Click here to Skip to main content
Click here to Skip to main content

Migrating ATL service applications to Visual C++.NET

, 30 Jul 2002
Rate this:
Please Sign up or sign in to vote.
Guidelines to migrate ATL-based Windows service application to Visual C++.NET
<!-- Download Links --> <!-- Add the rest of your HTML here -->

migrate

1. To remove from one country or region to another, with a view to residence; to change one's place of residence; to remove; as, the Moors who migrated from Africa into Spain; to migrate to the West.
2. To pass periodically from one region or climate to another for feeding or breeding; -- said of certain birds, fishes, and quadrupeds.
Webster’s Revised Unabridged Dictionary

Introduction

This article presents steps required to migrate Windows service applications (also called NT services) written using Visual C++ 6.0 and ATL to Visual C++.NET. Most of ATL and MFC code requires only recompilation when upgrading Visual Studio from version 6.0 to .NET. Unfortunately, this is not the case with ATL service applications. Part of ATL7 that handles Windows services has been rewritten, so most of the code that ATL Wizard generated in Visual C++ 6.0 is no longer needed – actually, the code is still in use, but it has been moved to ATL classes rather than being copied by Wizard to every service application you create. The downside of this improvement is that it breaks applications that were written using ATL3 (the version that came with Visual C++ 6.0).

So what should you do if you have a service application that no longer works after rebuilding with Visual C++ .NET? You have three main options:

  1. Rewrite the whole application in C# (hey, isn’t it cool?)
  2. Keep a copy of Visual C++ 6.0 – just to maintain you service applications.
  3. Make necessary changes to make your code compatible with ATL7.

First option is not as attractive as it may look at first glance. Windows service applications are often written to manage low-level resources, including hardware. Its source code is frequently dependent on third party libraries – usually "C" libraries. Such applications need to be debugged very thoroughly (comparing to UI programs), and once the code is stable, it usually lasts long.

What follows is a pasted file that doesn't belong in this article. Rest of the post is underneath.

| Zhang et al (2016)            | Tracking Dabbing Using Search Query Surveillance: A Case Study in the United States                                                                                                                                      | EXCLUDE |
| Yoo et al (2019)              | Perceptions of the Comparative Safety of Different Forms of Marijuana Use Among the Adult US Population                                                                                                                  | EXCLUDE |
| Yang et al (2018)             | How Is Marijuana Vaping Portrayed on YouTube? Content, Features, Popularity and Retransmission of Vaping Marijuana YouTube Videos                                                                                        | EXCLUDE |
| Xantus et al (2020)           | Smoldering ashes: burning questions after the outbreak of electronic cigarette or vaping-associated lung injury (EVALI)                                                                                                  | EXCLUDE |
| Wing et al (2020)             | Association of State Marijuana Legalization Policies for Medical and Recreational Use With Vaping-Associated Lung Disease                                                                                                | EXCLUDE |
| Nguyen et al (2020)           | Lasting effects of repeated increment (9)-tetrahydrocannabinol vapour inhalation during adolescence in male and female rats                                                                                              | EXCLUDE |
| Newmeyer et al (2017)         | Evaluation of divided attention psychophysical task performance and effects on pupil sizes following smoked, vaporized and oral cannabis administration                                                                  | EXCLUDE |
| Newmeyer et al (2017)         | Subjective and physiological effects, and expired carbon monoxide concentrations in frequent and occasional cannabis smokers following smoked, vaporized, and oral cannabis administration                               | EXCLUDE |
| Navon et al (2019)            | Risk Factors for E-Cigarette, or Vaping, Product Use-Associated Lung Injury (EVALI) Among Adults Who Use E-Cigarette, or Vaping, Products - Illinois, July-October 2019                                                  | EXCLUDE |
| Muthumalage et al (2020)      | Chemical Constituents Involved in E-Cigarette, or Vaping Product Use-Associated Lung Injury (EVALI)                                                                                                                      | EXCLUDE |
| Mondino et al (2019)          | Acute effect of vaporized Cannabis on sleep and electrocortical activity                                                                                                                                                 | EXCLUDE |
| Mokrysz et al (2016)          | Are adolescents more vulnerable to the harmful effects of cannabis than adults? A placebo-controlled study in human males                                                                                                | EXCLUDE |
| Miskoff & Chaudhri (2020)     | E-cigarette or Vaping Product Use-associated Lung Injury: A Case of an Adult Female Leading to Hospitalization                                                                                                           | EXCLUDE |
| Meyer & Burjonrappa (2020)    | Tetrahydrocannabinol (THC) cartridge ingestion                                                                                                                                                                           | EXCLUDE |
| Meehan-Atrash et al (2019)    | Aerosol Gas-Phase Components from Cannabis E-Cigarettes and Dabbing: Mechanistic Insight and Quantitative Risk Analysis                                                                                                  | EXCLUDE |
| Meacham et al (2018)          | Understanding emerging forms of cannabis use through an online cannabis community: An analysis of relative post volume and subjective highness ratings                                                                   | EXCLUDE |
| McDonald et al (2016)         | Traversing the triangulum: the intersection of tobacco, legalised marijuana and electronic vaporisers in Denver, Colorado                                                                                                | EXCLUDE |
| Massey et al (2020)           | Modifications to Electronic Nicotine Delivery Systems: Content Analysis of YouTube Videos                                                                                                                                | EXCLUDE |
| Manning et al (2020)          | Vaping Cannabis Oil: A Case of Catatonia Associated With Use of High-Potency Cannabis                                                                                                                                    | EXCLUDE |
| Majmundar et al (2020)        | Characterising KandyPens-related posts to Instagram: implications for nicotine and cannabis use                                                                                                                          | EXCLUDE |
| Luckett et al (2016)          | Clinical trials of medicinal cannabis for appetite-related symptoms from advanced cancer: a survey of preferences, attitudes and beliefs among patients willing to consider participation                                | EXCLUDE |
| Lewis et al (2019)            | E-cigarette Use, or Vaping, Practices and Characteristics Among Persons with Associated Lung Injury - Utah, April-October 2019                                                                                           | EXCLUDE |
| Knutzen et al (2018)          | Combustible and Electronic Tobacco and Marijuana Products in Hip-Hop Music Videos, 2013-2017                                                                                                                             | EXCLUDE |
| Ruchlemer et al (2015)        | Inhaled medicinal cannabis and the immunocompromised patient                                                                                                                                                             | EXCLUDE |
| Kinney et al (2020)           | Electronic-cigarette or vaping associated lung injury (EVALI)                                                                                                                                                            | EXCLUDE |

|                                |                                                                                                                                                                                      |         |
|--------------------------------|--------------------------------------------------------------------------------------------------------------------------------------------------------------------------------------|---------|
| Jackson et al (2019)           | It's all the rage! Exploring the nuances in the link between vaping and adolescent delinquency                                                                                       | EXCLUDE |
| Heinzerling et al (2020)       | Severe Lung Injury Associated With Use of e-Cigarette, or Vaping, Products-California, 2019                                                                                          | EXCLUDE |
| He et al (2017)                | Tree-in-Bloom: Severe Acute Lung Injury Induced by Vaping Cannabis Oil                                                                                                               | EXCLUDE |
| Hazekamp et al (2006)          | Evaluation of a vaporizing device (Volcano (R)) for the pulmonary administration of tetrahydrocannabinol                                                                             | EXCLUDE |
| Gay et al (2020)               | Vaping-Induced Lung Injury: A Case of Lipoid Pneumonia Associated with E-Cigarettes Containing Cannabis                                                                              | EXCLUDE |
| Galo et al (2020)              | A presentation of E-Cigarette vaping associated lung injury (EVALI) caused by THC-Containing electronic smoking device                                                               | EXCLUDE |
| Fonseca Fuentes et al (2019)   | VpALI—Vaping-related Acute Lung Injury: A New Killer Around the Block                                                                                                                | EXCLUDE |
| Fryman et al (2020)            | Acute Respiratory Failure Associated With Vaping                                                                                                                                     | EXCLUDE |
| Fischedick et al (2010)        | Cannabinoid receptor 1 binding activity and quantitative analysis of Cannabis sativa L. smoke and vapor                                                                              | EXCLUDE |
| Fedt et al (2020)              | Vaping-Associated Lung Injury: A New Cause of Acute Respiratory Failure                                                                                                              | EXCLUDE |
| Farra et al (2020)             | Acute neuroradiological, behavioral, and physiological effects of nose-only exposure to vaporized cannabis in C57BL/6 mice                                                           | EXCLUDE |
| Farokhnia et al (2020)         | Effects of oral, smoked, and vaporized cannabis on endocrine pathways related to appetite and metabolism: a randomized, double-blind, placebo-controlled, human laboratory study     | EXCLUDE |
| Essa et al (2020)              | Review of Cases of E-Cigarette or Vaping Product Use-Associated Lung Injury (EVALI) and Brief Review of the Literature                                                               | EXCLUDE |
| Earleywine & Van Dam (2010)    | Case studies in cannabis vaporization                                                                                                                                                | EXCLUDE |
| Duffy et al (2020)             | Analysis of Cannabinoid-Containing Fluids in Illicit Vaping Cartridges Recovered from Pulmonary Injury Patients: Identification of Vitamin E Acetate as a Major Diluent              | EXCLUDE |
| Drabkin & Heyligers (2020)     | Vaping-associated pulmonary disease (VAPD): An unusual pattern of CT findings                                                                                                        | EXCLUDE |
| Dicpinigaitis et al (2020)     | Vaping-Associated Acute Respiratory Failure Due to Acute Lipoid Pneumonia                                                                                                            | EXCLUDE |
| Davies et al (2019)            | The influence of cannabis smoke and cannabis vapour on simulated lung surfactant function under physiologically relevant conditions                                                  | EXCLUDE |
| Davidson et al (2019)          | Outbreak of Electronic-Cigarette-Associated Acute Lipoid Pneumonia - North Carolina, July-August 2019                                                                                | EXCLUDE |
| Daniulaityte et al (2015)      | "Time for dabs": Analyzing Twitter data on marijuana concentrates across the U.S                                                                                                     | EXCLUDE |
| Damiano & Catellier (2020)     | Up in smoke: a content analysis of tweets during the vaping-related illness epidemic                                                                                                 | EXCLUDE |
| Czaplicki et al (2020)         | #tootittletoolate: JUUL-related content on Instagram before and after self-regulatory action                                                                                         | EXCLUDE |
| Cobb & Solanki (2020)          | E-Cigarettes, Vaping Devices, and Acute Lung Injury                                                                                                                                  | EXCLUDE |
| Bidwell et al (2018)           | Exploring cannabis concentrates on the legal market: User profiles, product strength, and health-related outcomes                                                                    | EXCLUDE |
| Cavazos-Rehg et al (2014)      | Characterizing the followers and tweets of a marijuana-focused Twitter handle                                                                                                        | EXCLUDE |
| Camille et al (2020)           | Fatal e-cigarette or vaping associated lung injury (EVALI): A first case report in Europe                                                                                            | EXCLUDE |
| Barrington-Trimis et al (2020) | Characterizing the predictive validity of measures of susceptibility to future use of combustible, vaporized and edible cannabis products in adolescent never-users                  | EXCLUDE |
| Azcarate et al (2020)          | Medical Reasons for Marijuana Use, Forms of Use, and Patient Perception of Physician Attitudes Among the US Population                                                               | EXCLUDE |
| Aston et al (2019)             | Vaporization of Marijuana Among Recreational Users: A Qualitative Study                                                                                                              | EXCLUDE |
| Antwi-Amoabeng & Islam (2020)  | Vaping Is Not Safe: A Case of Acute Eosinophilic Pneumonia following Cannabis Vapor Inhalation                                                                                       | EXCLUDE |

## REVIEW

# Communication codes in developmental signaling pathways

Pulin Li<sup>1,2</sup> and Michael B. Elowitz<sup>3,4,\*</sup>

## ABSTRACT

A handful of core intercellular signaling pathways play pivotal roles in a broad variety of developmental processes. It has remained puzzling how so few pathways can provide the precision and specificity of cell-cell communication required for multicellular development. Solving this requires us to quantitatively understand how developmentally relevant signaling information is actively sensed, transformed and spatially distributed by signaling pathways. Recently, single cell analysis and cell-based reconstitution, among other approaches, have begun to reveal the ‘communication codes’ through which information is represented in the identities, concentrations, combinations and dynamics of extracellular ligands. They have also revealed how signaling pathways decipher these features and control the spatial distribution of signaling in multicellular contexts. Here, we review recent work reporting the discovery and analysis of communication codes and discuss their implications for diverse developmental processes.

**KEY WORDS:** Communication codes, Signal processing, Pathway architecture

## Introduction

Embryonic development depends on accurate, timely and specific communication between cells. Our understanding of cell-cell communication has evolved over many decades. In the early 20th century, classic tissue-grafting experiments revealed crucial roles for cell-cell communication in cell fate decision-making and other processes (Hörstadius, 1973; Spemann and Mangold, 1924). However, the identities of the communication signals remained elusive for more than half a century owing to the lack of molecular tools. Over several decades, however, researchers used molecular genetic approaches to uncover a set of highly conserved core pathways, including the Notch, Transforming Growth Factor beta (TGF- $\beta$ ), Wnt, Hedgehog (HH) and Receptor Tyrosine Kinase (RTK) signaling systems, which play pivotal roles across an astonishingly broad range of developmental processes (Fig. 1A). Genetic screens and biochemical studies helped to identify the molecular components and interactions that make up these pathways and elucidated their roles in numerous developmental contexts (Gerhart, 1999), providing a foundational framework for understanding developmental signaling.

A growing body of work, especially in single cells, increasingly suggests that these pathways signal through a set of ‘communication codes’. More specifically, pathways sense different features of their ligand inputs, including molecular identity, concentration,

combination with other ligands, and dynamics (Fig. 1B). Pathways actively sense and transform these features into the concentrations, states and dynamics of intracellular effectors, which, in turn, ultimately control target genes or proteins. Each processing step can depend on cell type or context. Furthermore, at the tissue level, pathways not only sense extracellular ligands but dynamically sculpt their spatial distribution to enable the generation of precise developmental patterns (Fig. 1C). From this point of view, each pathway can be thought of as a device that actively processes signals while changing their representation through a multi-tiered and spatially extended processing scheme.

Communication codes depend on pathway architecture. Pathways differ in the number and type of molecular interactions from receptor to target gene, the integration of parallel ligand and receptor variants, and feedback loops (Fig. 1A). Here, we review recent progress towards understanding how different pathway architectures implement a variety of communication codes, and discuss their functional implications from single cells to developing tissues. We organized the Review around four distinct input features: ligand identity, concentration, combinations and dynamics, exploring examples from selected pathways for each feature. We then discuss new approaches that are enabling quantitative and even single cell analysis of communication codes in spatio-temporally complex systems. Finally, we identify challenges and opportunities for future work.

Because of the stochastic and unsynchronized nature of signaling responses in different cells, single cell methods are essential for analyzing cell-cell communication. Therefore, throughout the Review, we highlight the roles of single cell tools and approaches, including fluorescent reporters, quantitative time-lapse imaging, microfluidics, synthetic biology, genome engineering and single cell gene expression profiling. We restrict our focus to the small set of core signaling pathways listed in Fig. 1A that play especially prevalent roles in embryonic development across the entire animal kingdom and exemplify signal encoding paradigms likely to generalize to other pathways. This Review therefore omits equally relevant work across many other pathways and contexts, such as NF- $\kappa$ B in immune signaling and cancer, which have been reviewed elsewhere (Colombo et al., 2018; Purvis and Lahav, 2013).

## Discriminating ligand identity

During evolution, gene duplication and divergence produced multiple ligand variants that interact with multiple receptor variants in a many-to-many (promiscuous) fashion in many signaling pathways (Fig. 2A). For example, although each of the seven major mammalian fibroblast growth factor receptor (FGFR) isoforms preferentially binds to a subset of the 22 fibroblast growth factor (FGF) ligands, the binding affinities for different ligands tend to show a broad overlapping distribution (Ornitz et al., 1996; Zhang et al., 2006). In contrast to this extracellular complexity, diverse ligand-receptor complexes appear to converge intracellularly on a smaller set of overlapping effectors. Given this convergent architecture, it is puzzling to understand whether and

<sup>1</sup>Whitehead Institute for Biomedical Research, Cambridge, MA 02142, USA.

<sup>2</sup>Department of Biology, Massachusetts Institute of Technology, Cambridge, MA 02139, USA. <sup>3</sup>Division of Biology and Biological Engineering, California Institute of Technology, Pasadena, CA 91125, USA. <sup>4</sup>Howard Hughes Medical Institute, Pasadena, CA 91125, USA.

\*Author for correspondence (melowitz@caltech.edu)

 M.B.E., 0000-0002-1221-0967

The second option is the cheapest one in terms of team resource allocation, but it is kind of cheap in other terms too. Doesn’t it irritate you as a developer if you need to give up with a problem (probably a minor one) instead of fixing it?

So we’ll take the third approach: we'll fix it! As you are going to see, this choice will not only correct program behaviour, it will also improve and simplify the source code.

Phase 1. The meaning of life

Yes, you’ve finally found the meaning of life, and you want to tell the rest of the world about it. Perhaps, those who have read Douglas Adams’ books already know the answer (42, remember?), but at you find their number insufficient. So you build a simple Windows service application using Visual C++ 6.0 and ATL. It takes just a few minutes, and your service is up. I have included a Visual C++ 6.0 workspace that contains ATL service source code and a test command-line application. Here are the highlights of the project:

  • The service is called MyService1. Use commands "net start MyService1" and "net stop MyService1" to start and stop the service from a command line prompt, or you can use Control Panel "Services" applet.
  • Before you can start the service, you should register it by issuing a command "MyService1 /Service" (when ATL Wizard generates service code, it does not include service registration in custom build step).
  • The application also includes an interface (IMeaningOfLife1) and its implementation in a coclass MeaningOfLife1. The only method (read-only property) that the interface has is MeaningOfLife, and of course it returns 42 as it should.
  • Since the application does not have thread affinity, it’s implemented as free-threaded.

The project code for this sample service is included with this article (project MyService1).

Phase 2. Problem

Your service works very well, there are thousands of people who find the meaning of life every day, and you have new ideas (perhaps, less philosophical, but this time giving you a sign of income). You’re hungry for new technology, and you love .NET from the first sight. So you install Visual Studio.NET, and recompile all your projects. When you are about to free some disk space and consider Visual Studio 6.0 as a best candidate for such purpose, you discover that there’s one application that did not survive tools upgrade: your famous MyService1 that serves MeaningOfLife to the masses. You would like to debug the application, but can’t even start it as a service! And when you connect to MeaningOfLife component from a test client, it works just fine. Something is definitely broken at service level.